It is an old myth that a diet needs to contain lots of animal products to provide enough protein and be nutritionally sound. Adding to the confusion are diet books and magazine articles that promulgate another myth—that eating more protein is weight-loss favorable and eating carbohydrates is weight-loss unfavorable. Another common misconception is the notion that you need to maintain a fixed ratio (percentage) of fat, carbohydrate, and protein. There also are plenty of self-appointed experts ready to tell you that the ideal diet should be based on your heritage, skin tone, eye color, blood type, or the spelling of your mother’s maiden name. Some recommend high-protein, others low-protein; some recommend very low-fat diets; others recommend much higher levels of fat. But regulating the macronutrient content of a diet is not the critical factor you should be concerned with, and here’s why.
If you are overweight, you consumed more calories than you have utilized. Micromanaging the percent of fat, protein, or carbohydrate isn’t going to change the amount of calories very much. You need to consume fewer calories. Therefore, almost all overweight individuals need to consume less of all the macronutrients—less protein, less fat, and less carbohydrate. These are the source of all calories. Don’t worry about not consuming enough of these. Unless you are anorexic, it is very rare to find an American who is deficient in fat, protein, or carbohydrates.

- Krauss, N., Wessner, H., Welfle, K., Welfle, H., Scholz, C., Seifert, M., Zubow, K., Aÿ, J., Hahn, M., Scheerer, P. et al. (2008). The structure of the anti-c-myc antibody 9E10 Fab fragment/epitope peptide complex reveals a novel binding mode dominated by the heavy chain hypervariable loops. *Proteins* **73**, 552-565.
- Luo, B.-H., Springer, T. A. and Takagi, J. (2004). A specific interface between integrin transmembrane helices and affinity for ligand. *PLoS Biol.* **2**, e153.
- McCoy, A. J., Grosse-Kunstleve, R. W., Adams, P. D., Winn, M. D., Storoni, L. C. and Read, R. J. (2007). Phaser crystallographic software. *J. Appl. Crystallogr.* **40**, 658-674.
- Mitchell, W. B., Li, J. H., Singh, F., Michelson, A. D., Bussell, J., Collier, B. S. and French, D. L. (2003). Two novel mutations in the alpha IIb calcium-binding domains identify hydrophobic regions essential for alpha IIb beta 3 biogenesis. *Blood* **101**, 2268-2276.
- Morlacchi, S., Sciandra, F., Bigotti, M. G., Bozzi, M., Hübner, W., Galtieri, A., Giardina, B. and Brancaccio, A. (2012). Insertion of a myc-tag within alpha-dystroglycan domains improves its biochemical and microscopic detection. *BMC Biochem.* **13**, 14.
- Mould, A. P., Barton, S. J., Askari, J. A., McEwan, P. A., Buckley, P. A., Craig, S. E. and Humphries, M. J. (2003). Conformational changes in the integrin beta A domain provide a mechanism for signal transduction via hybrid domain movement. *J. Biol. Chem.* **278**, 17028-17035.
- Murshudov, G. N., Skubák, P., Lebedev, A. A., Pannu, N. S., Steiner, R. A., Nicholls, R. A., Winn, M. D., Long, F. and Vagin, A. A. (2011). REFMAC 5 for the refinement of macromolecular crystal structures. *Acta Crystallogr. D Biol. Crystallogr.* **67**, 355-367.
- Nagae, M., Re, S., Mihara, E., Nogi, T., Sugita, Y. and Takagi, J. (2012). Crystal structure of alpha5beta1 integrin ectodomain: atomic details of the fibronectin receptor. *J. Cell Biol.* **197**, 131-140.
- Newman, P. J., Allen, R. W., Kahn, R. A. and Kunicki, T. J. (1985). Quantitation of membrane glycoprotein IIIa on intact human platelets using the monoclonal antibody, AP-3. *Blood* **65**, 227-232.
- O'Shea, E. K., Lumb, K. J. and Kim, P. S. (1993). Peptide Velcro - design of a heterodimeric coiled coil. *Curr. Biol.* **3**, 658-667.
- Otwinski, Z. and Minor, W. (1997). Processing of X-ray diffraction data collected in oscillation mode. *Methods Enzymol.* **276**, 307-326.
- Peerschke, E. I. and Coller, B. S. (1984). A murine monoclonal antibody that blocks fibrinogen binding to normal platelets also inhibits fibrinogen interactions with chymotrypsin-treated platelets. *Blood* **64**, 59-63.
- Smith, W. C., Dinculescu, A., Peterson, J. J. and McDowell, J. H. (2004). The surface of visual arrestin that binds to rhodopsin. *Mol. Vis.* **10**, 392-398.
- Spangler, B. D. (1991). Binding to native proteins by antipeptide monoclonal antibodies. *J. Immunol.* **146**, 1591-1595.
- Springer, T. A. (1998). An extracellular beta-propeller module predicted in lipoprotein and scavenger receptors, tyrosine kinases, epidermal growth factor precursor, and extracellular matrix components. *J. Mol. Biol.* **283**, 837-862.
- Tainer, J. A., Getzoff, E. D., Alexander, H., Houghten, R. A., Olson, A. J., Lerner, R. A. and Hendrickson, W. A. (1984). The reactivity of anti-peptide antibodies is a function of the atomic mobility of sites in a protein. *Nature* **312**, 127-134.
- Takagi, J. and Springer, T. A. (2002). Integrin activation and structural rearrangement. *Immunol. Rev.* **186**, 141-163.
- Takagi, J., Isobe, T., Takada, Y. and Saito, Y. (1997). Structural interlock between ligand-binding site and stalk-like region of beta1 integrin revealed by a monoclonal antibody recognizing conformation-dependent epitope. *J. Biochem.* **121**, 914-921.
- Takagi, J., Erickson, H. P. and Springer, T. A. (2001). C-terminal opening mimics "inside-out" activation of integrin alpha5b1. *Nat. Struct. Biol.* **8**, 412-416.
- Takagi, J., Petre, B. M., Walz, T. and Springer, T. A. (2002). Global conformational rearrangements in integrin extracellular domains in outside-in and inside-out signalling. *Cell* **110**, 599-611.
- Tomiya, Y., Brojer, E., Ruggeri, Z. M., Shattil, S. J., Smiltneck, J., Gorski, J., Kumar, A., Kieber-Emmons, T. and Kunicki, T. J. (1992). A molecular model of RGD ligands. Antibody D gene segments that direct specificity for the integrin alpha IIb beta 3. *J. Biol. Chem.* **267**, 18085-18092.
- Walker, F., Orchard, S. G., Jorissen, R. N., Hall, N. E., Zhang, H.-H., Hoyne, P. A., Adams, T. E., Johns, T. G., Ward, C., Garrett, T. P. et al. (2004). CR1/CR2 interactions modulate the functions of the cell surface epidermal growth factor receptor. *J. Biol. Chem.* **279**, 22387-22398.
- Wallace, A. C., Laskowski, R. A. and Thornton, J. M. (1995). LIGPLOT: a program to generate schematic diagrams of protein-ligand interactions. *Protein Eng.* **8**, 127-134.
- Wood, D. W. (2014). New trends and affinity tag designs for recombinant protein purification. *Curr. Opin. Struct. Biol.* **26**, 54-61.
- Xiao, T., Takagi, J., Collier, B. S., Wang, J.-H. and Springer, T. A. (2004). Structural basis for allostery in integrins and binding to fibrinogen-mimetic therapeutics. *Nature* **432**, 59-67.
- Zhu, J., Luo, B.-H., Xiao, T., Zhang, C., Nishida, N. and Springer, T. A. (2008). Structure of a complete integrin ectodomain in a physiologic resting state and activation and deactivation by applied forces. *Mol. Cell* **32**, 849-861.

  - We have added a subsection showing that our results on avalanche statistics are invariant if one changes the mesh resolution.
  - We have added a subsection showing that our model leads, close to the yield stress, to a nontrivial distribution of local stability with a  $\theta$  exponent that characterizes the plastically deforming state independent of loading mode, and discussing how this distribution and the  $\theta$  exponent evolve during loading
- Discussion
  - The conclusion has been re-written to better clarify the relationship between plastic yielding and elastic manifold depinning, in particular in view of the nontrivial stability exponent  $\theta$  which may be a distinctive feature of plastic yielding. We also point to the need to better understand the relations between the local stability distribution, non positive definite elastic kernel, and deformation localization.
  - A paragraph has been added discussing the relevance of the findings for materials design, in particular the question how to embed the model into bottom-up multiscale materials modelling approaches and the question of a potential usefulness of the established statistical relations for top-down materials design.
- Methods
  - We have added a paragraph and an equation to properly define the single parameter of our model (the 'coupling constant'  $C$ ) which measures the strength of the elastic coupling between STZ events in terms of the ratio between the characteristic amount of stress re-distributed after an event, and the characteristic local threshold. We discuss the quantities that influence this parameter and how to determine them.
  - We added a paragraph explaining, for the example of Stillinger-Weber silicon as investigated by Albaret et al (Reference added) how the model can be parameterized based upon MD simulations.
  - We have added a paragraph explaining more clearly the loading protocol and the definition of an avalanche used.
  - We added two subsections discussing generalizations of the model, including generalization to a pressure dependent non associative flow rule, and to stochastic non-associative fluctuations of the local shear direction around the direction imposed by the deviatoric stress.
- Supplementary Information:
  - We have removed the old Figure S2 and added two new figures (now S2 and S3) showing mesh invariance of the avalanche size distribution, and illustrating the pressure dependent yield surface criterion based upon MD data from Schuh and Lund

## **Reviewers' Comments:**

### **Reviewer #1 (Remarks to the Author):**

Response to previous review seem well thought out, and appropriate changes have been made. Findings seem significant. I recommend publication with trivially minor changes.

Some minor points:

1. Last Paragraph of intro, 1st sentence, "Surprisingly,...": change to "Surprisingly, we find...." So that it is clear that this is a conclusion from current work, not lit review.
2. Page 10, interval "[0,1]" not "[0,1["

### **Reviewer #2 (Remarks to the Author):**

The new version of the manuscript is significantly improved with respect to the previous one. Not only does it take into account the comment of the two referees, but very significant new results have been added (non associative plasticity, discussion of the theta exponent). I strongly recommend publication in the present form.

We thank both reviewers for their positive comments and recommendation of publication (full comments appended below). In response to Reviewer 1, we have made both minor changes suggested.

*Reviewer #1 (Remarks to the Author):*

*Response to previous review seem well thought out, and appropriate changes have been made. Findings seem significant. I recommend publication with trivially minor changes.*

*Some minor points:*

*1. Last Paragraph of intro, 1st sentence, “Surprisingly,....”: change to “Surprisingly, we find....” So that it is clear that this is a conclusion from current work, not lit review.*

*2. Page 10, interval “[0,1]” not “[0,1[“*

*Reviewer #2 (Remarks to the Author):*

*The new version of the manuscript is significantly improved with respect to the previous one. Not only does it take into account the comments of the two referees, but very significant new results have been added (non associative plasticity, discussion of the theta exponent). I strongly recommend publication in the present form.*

There is protein in all foods, ESPECIALLY VEGETABLES, not just in animal products. The fact is, protein deficiency is not a concern for anyone in the developed world. It is almost impossible to consume too little protein, no matter what you eat unless your diet is significantly deficient in overall calories. If it is, you’ll deficient in other nutrients as well.
It is a big mistake to put emphasis on trying to get enough of something (protein) you are undoubtedly getting too much of it in the first place. Hundreds of studies show that as protein consumption goes up, so does the incidence of chronic diseases. Is protein bad for us? No, incidence of chronic diseases goes up when you increase the consumption of carbohydrates and fat, too.1 Most Americans simply don’t need to increase eating any macronutrients. Increasing the consumption of protein (or fat or carbohydrates) is good if you need more calories because you are anorexic or are chronically malnourished, like a starving person in a troubled area of the world. But it is bad if you are already getting too much. If any of these nutrients exceed our basic requirements, the excess is harmful. Americans already get too much protein, and it iss hurting us.2
The problem is that people in modern societies like the United States eat diets that are deficient in micronutrients.
1. Roth GS; Ingram DK; Black A; Lane MA. “Effects of reduced energy intake on the biology of aging: the primate model.” Eur J Clin Nutr 2000;54 Suppl 3: S15-20.
2. Kelemen LE; Kushi; Jacobs DR; Cerhan JF. “Associations of dietary protein with disease and mortality in a prospective study of postmenopausal women.” Am J Epidemiol 2005; 161(3):239-49.